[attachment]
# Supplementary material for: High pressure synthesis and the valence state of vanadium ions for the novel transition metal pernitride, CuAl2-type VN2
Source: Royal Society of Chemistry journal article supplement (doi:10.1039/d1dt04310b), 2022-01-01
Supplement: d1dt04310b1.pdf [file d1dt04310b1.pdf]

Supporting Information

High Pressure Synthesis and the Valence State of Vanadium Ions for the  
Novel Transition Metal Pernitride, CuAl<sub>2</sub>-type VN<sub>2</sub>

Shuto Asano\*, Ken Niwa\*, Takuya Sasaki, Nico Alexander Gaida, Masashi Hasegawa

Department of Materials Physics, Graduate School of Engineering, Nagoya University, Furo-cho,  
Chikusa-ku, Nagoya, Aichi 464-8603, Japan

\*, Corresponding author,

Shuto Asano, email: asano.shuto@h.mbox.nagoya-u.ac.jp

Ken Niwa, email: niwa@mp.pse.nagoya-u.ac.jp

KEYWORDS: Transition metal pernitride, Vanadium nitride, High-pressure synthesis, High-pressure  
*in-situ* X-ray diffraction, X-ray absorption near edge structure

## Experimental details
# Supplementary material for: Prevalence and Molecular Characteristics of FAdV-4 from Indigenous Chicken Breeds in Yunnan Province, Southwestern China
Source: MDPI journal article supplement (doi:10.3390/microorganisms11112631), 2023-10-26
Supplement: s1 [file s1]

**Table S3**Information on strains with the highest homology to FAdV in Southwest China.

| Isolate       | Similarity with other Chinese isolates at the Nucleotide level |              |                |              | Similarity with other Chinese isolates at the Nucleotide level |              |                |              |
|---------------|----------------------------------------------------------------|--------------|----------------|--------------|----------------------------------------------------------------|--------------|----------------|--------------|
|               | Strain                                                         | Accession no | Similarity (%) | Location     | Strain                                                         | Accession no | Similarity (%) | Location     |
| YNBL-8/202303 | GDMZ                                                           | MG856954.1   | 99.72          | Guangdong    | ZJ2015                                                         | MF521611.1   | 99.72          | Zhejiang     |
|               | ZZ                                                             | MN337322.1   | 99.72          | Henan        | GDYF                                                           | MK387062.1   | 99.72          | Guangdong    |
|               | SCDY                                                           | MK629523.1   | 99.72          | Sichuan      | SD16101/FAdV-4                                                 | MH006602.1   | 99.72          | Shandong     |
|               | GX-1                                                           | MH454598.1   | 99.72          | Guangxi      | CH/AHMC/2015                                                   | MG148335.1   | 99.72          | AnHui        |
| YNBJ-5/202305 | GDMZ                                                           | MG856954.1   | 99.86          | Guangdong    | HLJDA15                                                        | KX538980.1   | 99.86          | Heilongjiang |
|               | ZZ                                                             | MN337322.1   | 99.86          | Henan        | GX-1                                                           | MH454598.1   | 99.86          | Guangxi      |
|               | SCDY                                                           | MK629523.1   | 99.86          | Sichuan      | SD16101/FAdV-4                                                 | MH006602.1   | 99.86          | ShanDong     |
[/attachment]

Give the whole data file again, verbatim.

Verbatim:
# Supplementary material for: High pressure synthesis and the valence state of vanadium ions for the novel transition metal pernitride, CuAl2-type VN2
Source: Royal Society of Chemistry journal article supplement (doi:10.1039/d1dt04310b), 2022-01-01
Supplement: d1dt04310b1.pdf [file d1dt04310b1.pdf]

Supporting Information

High Pressure Synthesis and the Valence State of Vanadium Ions for the  
Novel Transition Metal Pernitride, CuAl<sub>2</sub>-type VN<sub>2</sub>

Shuto Asano\*, Ken Niwa\*, Takuya Sasaki, Nico Alexander Gaida, Masashi Hasegawa

Department of Materials Physics, Graduate School of Engineering, Nagoya University, Furo-cho,  
Chikusa-ku, Nagoya, Aichi 464-8603, Japan

\*, Corresponding author,

Shuto Asano, email: asano.shuto@h.mbox.nagoya-u.ac.jp

Ken Niwa, email: niwa@mp.pse.nagoya-u.ac.jp

KEYWORDS: Transition metal pernitride, Vanadium nitride, High-pressure synthesis, High-pressure  
*in-situ* X-ray diffraction, X-ray absorption near edge structure

## Experimental details
# Supplementary material for: Prevalence and Molecular Characteristics of FAdV-4 from Indigenous Chicken Breeds in Yunnan Province, Southwestern China
Source: MDPI journal article supplement (doi:10.3390/microorganisms11112631), 2023-10-26
Supplement: s1 [file s1]

**Table S3**Information on strains with the highest homology to FAdV in Southwest China.

| Isolate       | Similarity with other Chinese isolates at the Nucleotide level |              |                |              | Similarity with other Chinese isolates at the Nucleotide level |              |                |              |
|---------------|----------------------------------------------------------------|--------------|----------------|--------------|----------------------------------------------------------------|--------------|----------------|--------------|
|               | Strain                                                         | Accession no | Similarity (%) | Location     | Strain                                                         | Accession no | Similarity (%) | Location     |
| YNBL-8/202303 | GDMZ                                                           | MG856954.1   | 99.72          | Guangdong    | ZJ2015                                                         | MF521611.1   | 99.72          | Zhejiang     |
|               | ZZ                                                             | MN337322.1   | 99.72          | Henan        | GDYF                                                           | MK387062.1   | 99.72          | Guangdong    |
|               | SCDY                                                           | MK629523.1   | 99.72          | Sichuan      | SD16101/FAdV-4                                                 | MH006602.1   | 99.72          | Shandong     |
|               | GX-1                                                           | MH454598.1   | 99.72          | Guangxi      | CH/AHMC/2015                                                   | MG148335.1   | 99.72          | AnHui        |
| YNBJ-5/202305 | GDMZ                                                           | MG856954.1   | 99.86          | Guangdong    | HLJDA15                                                        | KX538980.1   | 99.86          | Heilongjiang |
|               | ZZ                                                             | MN337322.1   | 99.86          | Henan        | GX-1                                                           | MH454598.1   | 99.86          | Guangxi      |
|               | SCDY                                                           | MK629523.1   | 99.86          | Sichuan      | SD16101/FAdV-4                                                 | MH006602.1   | 99.86          | ShanDong     |